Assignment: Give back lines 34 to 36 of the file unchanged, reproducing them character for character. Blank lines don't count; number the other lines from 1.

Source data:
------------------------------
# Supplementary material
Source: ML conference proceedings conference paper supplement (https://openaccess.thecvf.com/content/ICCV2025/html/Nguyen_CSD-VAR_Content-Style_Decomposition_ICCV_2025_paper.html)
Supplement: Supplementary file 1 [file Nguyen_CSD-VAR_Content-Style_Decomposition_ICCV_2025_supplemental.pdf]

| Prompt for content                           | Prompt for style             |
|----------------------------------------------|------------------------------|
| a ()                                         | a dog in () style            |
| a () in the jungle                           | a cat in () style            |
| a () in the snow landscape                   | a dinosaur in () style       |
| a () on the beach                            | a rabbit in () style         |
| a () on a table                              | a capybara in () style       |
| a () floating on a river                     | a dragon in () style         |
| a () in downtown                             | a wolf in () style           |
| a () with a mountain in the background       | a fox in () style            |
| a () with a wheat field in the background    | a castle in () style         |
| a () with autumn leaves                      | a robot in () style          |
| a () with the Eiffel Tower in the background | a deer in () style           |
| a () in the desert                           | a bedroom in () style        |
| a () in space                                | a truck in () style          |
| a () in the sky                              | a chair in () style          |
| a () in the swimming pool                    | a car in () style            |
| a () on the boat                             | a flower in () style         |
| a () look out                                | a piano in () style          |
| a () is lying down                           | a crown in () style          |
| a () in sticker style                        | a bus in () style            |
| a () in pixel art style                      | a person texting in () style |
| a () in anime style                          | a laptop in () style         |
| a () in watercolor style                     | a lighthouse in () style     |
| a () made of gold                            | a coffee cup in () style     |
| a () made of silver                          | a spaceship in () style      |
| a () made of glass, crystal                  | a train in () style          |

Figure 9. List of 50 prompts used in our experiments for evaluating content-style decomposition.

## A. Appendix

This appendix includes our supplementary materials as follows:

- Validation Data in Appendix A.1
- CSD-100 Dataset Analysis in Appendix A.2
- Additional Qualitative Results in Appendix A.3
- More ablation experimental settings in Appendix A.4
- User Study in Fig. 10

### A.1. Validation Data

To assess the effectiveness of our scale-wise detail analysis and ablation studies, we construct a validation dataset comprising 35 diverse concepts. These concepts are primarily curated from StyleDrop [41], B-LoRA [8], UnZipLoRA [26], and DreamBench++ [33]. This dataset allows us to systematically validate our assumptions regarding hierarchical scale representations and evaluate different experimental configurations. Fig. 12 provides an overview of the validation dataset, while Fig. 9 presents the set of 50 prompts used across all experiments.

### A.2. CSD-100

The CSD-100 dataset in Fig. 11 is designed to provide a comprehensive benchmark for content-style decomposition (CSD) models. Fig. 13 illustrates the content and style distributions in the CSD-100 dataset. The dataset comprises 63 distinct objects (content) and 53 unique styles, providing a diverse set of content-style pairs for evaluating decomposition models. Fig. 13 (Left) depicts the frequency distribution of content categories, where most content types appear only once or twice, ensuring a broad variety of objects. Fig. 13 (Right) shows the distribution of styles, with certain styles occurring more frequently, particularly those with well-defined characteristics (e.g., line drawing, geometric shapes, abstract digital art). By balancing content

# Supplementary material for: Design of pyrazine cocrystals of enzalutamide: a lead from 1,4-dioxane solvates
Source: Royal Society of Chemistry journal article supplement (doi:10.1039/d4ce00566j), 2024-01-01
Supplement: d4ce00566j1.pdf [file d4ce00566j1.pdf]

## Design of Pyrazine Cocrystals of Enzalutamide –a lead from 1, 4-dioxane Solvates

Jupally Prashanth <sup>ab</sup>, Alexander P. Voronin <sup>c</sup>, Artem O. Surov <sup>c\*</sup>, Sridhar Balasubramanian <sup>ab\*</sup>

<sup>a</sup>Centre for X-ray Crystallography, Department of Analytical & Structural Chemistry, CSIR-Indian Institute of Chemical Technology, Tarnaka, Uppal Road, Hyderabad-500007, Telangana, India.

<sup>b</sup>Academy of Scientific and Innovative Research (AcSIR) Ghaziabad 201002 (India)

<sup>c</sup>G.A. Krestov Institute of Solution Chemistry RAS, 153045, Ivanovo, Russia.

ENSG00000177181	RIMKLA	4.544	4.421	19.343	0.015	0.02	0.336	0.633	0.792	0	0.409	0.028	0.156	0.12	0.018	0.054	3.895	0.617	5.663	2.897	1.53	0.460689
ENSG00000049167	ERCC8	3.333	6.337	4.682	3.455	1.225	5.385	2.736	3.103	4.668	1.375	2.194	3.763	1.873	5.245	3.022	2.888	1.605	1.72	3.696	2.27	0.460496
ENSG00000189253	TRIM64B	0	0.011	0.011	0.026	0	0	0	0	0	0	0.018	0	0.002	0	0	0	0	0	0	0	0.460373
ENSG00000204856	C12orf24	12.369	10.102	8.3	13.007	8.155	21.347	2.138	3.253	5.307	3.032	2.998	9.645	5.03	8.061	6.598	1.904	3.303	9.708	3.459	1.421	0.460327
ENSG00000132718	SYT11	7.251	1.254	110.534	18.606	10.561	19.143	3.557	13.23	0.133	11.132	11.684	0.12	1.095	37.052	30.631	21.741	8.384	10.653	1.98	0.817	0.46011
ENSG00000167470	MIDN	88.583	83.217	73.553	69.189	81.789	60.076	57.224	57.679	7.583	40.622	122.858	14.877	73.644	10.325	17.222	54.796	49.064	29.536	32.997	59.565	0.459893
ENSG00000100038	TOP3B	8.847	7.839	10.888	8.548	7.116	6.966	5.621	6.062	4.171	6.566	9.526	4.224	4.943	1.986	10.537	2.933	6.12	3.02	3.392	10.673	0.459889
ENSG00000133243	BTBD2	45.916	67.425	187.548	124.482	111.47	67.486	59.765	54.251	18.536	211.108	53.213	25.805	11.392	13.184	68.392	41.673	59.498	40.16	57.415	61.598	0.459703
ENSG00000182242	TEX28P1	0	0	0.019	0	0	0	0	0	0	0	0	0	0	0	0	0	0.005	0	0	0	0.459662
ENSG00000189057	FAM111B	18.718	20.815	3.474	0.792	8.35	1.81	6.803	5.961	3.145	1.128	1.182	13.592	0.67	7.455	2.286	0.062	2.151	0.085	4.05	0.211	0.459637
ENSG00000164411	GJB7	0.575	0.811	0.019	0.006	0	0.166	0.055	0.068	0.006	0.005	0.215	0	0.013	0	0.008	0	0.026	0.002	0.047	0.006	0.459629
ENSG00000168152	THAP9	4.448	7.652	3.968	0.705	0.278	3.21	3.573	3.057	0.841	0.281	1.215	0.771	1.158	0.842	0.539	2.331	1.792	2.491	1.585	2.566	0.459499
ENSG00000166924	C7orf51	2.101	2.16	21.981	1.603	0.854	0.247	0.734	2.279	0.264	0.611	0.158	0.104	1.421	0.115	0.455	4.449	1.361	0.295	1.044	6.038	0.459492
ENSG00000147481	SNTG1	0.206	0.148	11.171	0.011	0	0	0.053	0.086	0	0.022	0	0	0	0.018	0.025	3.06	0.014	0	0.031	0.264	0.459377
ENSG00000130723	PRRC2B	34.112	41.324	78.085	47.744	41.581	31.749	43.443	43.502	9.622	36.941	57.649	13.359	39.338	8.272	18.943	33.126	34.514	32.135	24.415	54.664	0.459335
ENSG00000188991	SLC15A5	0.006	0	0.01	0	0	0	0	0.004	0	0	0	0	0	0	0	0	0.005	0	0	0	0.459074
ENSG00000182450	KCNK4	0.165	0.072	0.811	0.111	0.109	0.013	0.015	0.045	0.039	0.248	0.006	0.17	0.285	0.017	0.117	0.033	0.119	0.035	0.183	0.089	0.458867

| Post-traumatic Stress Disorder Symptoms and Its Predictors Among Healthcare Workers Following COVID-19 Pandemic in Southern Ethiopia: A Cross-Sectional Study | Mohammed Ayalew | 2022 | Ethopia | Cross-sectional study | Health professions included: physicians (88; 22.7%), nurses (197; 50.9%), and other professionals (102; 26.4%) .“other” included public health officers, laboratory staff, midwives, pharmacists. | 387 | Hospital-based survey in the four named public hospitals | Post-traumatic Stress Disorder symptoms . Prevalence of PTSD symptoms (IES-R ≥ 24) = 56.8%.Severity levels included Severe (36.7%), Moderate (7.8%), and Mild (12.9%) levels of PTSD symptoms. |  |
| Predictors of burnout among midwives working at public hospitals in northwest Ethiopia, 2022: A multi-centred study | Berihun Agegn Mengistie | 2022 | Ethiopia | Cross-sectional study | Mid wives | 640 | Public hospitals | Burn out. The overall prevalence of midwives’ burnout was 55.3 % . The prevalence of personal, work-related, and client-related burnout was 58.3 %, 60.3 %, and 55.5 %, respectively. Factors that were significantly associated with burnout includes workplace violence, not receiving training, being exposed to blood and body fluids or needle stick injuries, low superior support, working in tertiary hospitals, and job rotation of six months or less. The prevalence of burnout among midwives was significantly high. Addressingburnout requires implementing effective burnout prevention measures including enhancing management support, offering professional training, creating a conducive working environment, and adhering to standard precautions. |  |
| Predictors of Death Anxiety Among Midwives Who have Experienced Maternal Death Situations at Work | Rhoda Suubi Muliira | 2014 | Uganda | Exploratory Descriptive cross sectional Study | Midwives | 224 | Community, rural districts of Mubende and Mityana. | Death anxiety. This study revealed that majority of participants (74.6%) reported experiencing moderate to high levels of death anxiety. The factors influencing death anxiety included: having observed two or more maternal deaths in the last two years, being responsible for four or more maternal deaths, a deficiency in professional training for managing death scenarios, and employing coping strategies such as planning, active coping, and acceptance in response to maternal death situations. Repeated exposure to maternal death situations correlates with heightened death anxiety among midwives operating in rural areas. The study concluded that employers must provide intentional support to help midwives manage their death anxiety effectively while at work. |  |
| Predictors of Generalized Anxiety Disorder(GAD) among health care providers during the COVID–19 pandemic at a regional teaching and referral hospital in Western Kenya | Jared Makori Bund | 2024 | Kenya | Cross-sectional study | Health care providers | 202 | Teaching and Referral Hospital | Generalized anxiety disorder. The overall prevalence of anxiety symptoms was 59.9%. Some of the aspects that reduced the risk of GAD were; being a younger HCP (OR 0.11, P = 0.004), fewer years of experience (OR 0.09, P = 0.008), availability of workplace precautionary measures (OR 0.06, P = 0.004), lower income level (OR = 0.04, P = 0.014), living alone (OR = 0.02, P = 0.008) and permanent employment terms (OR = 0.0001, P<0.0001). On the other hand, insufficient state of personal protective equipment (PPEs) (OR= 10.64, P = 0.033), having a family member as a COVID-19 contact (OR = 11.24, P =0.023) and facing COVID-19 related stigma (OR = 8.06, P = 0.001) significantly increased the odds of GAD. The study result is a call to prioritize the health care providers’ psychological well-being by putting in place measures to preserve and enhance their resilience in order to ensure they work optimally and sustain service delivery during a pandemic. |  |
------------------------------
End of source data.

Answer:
- Validation Data in Appendix A.1
- CSD-100 Dataset Analysis in Appendix A.2
- Additional Qualitative Results in Appendix A.3